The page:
Tuesday, 23 August 2016

Two quotes from Heidegger's "The Origin of the Work of Art"

"The work of art makes publicly known something other than itself, it manifests something other; it is an allegory. In the artwork, something other is brought into conjunction with the thing that is made… the work is a symbol."


"What could be easier than allowing a being to be just what it is? Or is it rather that this task brings us to what is the most difficult, particularly when such an intention – to allow a being to be as it is – is the opposite of that indifference which turns its back on beings in favour of an unexamined concept of being? We must return to the being and think about it itself in its being. At the same time, however, we must allow it to rest in its own nature."



Van Gogh (1888)


Two quotes from Georg Simmel's "Fashion"

Regarding the soul’s duality: "the physiological basis of our being gives the first hint, for we discover that human nature requires motion and repose, receptiveness and productivity – a masculine and a feminine principle are united in every human being. This type of duality applied to our spiritual nature causes the latter to be guided by the striving towards generalization on the one hand, and on the other by the desire to describe the single, special element. Thus generalization gives rest to the soul, whereas specialization permits it to move from example to example; and the same is true in the world of feeling. On the one hand we seek peaceful surrender to men and things, on the other an energetic activity with respect to both."


"Movement, time, rhythm of the gestures, are all undoubtedly influenced largely by what is worn: similarly dressed persons exhibit relative similarity in their actions. This is of especial value in modern life with its individualistic diffusion, while in the case of primitive races the effect produced is directed within and is therefore not dependent upon changes of fashion. Among primitive races fashions will be less numerous and more stable because the need of new impressions and forms of life, quite apart from their social effect, is far less pressing."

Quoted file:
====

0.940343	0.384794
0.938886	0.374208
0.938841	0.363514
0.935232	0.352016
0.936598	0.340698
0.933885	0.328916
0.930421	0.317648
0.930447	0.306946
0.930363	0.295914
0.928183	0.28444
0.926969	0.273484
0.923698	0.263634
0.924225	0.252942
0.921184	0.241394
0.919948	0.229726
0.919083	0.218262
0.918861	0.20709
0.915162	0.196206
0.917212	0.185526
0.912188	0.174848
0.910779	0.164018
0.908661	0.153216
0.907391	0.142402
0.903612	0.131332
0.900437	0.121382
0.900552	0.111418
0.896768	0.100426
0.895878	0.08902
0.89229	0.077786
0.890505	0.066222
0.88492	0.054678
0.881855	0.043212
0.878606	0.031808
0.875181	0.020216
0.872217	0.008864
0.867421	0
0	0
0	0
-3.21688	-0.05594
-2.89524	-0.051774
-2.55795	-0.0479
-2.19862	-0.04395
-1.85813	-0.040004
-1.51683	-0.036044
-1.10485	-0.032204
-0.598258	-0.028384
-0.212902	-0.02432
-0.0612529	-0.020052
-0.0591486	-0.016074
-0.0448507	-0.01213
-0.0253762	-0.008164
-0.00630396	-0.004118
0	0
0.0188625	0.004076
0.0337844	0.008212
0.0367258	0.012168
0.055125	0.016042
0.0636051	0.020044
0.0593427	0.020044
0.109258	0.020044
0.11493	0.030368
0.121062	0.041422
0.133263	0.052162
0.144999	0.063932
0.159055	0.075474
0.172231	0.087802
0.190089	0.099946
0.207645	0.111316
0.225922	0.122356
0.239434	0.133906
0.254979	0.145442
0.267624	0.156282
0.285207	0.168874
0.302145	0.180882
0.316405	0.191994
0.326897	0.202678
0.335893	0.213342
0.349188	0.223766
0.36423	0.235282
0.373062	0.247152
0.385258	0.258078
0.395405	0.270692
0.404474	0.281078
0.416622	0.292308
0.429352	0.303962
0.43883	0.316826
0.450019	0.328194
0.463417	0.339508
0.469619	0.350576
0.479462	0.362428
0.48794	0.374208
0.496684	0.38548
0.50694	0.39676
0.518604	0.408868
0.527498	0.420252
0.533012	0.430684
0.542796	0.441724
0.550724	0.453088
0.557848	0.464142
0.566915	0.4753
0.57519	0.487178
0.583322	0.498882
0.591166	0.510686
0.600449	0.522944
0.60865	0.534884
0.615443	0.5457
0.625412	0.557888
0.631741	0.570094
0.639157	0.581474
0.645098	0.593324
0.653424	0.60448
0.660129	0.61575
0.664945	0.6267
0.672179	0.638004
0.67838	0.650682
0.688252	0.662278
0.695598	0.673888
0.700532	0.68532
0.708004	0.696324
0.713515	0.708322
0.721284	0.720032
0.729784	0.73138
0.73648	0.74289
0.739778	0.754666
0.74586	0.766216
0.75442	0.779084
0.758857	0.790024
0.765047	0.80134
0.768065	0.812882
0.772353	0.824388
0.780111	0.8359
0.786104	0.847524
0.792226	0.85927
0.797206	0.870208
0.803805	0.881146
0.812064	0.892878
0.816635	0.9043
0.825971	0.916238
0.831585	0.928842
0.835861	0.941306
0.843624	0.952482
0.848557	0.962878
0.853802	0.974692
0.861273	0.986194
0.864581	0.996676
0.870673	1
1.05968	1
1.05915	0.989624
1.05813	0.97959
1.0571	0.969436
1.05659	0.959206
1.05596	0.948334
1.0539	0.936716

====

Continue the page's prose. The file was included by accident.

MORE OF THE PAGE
Tuesday, 2 August 2016

Lawrence Paul Yuxweluptun

I was completely blown away by the exhibition 'Unceded Territories', a solo show of Lawrence Paul Yuxweluptun at the Museum of Anthropology at UBC in Vancouver. I first came about his work in a class I took during my undergraduate studies at McGill on contemporary Canadian Aboriginal art. The work that I was taught is 'An Indian Act: Shooting the Indian Act', a performance from 1997 wherein Yuxweluptun shoots the Indian Act, a federal law from 1876 that remains active today limiting the rights aboriginal peoples in Canada. What remains from the performance are the rifles used for the shooting and the document having endured several bullets.


Getting the chance to look at some of his paintings, I was so impressed by his visual eloquence in his efforts to reclaim Aboriginal aesthetics within a modernist canon. Making use of traditions in Pop art and abstract painting (he plays with the tradition of white on white paintings, beginning with Malevich and then continued by Rauschenberg, Jasper Johns, Robert Ryman), Yuxweluptun becomes the agent who appropriates western culture to serve activist pursuits on the ways in which the west has failed many. 



He is the maker and no longer the subject and repurposes the techniques and history of western art to fulfill he own messages. Addressing a multitude of urgent issues such as the residential schools in Canada's ugly history, oil spills in the ocean and power in today's politics, this exhibition was immense and instantiated thought and concern for world problems that have a bad habit of getting brushed over.